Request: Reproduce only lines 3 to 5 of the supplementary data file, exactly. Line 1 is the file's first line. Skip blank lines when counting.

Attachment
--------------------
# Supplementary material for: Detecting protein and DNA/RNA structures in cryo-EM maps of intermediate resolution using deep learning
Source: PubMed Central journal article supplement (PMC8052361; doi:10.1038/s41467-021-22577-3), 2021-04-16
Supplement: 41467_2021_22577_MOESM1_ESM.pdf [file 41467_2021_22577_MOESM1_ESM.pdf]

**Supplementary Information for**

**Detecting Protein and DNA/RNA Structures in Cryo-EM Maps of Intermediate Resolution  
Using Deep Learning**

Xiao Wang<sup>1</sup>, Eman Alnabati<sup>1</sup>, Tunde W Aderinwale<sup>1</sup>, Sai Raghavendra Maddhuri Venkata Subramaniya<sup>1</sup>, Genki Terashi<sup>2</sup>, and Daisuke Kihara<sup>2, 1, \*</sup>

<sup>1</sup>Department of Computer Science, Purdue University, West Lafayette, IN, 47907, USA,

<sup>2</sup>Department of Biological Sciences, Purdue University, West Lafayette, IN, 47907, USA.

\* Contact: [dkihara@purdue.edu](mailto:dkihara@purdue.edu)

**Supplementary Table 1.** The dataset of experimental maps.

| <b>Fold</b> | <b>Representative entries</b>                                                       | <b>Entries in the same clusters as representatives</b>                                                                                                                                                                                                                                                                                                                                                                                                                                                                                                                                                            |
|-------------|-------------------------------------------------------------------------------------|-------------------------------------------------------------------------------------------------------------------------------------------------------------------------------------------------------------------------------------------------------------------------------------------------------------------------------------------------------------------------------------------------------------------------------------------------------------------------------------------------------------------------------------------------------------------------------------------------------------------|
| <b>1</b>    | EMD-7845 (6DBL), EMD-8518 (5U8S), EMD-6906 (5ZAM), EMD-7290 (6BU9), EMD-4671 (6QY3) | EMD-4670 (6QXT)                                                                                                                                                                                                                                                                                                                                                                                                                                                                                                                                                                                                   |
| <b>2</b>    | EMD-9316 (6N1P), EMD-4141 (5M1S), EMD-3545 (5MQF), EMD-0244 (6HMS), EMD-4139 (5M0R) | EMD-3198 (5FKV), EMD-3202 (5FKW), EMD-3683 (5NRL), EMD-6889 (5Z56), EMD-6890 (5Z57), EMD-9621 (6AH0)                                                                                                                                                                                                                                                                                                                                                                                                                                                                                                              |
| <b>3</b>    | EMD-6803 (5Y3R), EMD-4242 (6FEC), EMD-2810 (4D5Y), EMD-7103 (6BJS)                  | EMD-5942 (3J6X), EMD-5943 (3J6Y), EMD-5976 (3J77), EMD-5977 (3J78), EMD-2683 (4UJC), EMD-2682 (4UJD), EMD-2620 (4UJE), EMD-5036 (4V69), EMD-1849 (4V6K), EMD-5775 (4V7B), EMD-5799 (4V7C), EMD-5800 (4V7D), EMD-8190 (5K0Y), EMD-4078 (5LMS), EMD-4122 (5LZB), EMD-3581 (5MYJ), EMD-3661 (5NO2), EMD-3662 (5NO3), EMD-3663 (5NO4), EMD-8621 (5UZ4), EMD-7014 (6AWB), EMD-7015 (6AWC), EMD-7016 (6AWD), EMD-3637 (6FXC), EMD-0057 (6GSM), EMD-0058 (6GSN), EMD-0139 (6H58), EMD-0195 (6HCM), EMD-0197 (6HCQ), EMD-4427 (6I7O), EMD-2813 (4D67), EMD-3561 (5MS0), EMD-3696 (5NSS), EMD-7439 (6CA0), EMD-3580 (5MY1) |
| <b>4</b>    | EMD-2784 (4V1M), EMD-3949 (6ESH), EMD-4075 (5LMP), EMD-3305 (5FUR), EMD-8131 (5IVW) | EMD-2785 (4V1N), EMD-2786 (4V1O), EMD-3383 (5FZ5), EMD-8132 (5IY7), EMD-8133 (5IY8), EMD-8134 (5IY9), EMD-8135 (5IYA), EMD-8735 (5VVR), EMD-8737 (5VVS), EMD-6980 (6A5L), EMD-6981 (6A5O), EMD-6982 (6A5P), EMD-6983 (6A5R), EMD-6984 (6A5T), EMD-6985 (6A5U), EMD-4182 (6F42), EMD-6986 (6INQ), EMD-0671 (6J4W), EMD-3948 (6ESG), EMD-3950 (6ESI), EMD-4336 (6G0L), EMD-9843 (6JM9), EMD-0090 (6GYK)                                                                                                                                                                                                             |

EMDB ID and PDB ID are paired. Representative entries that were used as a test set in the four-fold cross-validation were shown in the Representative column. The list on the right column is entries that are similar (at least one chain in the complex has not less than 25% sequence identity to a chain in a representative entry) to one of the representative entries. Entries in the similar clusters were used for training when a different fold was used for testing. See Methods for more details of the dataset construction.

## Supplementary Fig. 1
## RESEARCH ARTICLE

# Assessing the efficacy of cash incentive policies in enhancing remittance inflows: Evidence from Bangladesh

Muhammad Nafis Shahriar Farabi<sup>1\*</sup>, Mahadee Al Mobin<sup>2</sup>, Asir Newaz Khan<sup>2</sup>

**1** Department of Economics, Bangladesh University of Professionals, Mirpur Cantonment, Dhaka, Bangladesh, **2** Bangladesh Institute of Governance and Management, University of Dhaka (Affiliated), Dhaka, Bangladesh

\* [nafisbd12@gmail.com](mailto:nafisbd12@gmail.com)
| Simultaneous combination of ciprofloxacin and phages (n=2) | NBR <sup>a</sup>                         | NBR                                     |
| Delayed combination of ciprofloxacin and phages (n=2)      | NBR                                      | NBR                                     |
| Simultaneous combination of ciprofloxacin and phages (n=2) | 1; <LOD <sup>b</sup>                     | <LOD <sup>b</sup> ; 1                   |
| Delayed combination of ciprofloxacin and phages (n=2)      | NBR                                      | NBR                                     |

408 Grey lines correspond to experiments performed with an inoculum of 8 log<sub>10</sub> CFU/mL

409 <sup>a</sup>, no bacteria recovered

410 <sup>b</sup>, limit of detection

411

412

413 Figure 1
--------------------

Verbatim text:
Supplement: 41467_2021_22577_MOESM1_ESM.pdf [file 41467_2021_22577_MOESM1_ESM.pdf]

**Supplementary Information for**

**Detecting Protein and DNA/RNA Structures in Cryo-EM Maps of Intermediate Resolution  